The big pay back here is when the students get to the evaluation section or conclusions: they have a clear understanding of the strength of the methods and any possible alternatives. The time invested here at the methods stage saves time later, but the evaluation process will also help students develop the skills for unfamiliar fieldwork questions.
The role of the teacher can have an impact on the whole fieldwork experience. Of course, a challenging group of students or a lack of experience can mean we take more control. Yet the closer we control what takes place in the field can mean opportunities are missed. In the ideal world different approaches are needed at various times as seen in the following graph:
At the start of the investigation the teacher clearly acts as the instructor, setting out the requirements, the context, how the fieldwork fits into the exam and planning the stages of the enquiry model. However, the argument for being more of a coach or facilitator is very strong especially with the A Level non-examined assessments (NEA), where students need to be more independent.
The question is, can we take the NEA and work this back into earlier fieldwork or the curriculum? Creating more independence at KS3 to take risks in their methods, even if they get things wrong initially, will allow students to be more critical and reflective. If these skills or opportunities are embedded in earlier fieldwork experiences the rewards can be greater. The students will have increased ownership and understanding of the process, but more importantly have those moments that allow for stickability and support those exams.
One way of achieving student led learning is to give the students a bucket of equipment with data collection tools in. For example, for a river investigation this may include a tape, ruler, a float, a flow meter and some red herrings – any other pieces of equipment that are easy to carry. And don’t forget a pencil as a field sketch is a method of data collection.
By undertaking a pilot study students may realise that there may be more than one way to measure the characteristics of a river, for example flow meter vs a float. The group then comes back together to share ideas while evaluating.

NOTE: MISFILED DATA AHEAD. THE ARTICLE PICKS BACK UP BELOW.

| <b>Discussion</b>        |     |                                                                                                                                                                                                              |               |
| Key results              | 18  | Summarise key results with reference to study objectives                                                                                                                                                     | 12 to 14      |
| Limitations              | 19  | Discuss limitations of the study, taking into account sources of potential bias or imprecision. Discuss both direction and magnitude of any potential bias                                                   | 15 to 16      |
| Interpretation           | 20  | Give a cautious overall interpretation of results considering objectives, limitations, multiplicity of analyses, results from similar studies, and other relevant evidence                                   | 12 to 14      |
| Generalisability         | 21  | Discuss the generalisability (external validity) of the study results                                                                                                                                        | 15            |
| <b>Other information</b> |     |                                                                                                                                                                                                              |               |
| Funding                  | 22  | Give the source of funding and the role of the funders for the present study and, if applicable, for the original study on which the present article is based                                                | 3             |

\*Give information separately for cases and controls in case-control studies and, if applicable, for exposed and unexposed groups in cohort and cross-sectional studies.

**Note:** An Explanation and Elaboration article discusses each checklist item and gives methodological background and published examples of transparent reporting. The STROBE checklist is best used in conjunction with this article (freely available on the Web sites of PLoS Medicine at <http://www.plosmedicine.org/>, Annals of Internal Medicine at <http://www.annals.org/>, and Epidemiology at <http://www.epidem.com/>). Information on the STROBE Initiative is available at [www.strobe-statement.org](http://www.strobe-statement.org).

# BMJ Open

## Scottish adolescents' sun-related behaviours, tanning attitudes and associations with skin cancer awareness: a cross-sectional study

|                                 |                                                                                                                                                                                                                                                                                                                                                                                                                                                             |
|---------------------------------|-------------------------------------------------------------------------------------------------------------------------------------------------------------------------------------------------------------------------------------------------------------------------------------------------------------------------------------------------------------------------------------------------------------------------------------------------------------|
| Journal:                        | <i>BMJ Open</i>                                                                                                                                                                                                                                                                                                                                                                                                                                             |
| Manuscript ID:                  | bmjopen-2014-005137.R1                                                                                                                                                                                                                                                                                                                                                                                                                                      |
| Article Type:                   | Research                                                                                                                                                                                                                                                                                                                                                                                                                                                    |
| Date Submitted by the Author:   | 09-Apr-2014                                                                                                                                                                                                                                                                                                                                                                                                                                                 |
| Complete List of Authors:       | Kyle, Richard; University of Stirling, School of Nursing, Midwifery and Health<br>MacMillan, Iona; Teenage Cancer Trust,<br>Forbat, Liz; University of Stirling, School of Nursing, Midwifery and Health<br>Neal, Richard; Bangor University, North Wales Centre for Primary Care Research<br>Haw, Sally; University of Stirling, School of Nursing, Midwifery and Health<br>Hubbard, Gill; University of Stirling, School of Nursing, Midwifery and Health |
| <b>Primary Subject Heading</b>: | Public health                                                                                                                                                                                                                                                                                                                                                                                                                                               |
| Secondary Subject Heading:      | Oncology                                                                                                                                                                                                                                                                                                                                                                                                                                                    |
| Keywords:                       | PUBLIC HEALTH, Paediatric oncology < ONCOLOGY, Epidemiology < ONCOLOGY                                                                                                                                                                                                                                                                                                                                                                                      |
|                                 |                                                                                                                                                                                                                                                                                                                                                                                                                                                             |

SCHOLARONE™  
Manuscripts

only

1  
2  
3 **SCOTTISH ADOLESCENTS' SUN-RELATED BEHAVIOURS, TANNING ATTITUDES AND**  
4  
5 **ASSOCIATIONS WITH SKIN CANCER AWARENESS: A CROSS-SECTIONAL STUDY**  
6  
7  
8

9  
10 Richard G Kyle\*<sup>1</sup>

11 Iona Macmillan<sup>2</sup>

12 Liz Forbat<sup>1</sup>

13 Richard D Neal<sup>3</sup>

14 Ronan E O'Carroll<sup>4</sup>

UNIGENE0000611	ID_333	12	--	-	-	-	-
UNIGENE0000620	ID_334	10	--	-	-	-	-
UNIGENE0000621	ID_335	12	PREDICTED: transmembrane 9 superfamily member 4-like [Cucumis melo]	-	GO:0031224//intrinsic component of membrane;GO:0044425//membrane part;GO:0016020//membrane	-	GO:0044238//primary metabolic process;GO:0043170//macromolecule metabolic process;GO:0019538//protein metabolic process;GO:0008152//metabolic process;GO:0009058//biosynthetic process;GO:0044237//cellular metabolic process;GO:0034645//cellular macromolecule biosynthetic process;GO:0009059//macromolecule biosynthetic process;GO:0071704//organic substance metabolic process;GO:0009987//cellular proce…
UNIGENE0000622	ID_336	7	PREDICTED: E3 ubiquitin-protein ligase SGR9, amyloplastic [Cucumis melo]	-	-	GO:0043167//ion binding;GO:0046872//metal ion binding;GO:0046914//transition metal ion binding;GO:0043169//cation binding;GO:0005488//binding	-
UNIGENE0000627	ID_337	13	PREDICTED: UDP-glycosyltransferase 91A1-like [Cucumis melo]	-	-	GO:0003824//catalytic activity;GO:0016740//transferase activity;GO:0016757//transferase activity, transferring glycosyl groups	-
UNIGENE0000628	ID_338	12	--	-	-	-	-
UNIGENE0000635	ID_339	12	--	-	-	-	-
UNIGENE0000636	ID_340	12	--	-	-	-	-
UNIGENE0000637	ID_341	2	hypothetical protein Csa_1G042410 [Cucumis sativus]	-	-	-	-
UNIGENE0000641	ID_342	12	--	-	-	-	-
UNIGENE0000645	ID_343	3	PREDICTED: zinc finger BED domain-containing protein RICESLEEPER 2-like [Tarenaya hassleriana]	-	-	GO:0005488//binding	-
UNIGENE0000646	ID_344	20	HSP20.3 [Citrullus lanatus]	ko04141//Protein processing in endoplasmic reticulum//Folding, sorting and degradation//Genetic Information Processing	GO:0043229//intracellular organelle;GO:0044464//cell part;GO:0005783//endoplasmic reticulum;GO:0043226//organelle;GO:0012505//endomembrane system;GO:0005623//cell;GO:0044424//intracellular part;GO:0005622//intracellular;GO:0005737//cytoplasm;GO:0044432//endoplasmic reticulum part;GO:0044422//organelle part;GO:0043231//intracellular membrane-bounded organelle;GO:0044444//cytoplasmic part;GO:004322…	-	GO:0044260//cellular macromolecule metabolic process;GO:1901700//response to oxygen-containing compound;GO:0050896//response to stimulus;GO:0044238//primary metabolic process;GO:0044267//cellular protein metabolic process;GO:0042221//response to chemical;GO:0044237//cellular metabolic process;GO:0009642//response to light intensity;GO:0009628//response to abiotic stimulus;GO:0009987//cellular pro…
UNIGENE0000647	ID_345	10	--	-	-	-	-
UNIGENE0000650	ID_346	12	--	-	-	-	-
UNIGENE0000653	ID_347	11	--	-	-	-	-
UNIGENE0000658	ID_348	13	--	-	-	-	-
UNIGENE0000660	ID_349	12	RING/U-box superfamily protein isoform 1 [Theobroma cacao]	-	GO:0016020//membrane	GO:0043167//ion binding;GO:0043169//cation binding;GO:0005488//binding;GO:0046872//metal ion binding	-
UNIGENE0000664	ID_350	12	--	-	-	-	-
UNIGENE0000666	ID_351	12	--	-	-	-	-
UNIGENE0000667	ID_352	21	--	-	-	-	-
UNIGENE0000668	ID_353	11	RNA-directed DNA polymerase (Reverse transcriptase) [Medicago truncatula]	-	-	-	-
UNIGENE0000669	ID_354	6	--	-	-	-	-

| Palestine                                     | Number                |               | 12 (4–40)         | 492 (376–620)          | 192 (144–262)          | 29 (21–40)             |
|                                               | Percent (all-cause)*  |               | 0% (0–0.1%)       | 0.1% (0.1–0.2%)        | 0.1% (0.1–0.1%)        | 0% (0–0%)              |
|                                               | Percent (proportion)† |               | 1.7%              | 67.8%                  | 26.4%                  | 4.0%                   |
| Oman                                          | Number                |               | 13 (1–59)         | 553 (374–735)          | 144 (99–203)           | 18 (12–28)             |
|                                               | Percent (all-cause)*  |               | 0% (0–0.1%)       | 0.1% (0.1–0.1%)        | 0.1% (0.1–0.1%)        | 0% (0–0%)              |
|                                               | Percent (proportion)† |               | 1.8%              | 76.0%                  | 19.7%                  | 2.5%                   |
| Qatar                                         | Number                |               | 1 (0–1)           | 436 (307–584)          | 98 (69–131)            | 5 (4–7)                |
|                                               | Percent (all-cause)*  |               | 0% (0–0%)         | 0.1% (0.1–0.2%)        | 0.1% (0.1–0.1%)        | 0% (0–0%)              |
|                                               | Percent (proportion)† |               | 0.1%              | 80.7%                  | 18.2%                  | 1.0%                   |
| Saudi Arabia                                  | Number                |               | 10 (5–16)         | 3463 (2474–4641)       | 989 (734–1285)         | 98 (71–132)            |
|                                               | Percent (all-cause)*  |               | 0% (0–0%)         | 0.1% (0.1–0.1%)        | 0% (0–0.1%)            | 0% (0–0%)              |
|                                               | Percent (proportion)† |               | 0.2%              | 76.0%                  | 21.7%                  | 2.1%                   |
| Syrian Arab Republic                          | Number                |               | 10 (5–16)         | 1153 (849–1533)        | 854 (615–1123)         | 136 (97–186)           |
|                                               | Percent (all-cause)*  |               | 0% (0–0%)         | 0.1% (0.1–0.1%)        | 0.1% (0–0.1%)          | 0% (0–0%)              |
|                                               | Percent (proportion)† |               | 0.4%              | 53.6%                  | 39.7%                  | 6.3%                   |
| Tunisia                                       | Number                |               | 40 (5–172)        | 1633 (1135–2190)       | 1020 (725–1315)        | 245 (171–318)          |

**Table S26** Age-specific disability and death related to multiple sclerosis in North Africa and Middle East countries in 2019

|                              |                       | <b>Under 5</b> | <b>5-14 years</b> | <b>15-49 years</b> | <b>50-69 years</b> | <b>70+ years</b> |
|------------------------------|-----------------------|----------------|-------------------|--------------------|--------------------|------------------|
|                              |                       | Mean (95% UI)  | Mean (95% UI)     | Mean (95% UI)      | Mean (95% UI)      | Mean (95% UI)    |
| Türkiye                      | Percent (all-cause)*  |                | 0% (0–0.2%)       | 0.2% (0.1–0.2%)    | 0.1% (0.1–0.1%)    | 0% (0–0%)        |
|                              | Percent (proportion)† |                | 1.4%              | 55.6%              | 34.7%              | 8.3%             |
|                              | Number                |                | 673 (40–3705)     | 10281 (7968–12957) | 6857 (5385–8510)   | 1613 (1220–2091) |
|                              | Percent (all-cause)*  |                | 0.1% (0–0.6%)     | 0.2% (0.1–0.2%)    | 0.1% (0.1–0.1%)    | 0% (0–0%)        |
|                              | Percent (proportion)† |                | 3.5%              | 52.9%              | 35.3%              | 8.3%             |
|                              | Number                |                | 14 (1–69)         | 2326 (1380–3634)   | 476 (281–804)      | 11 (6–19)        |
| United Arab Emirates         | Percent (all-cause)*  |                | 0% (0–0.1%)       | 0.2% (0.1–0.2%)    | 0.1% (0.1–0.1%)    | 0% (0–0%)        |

By allowing discussion and reflection of the data collection process another stage of the enquiry model has been hit (evaluation). The students have more ownership and therefore understanding, which helps them prepare for the unfamiliar fieldwork exam questions at the same time.
If you’re looking for a refresh or support, there are a number of useful resources:
Join the professional networks that exist online. Geography teachers are great at sharing ideas, resources and offering support.
Enjoy getting back out there and bringing geography alive.
Please share ideas below, send them to email@example.com or tweet @OCR_Geography. You can also sign up for email updates for information about resources and support.
Scott is the Education Manager for the Field Studies Council. Having gained a degree in geography from the University of Wales and undertaken a PGCE in secondary geography teaching, he spent 20 years in the classroom. During that time he taught and led geography from KS3 to KS5 but has also been a deputy head teacher with responsibility for quality of education. Scott continues to follow his passion for geography and education at the Field Studies Council.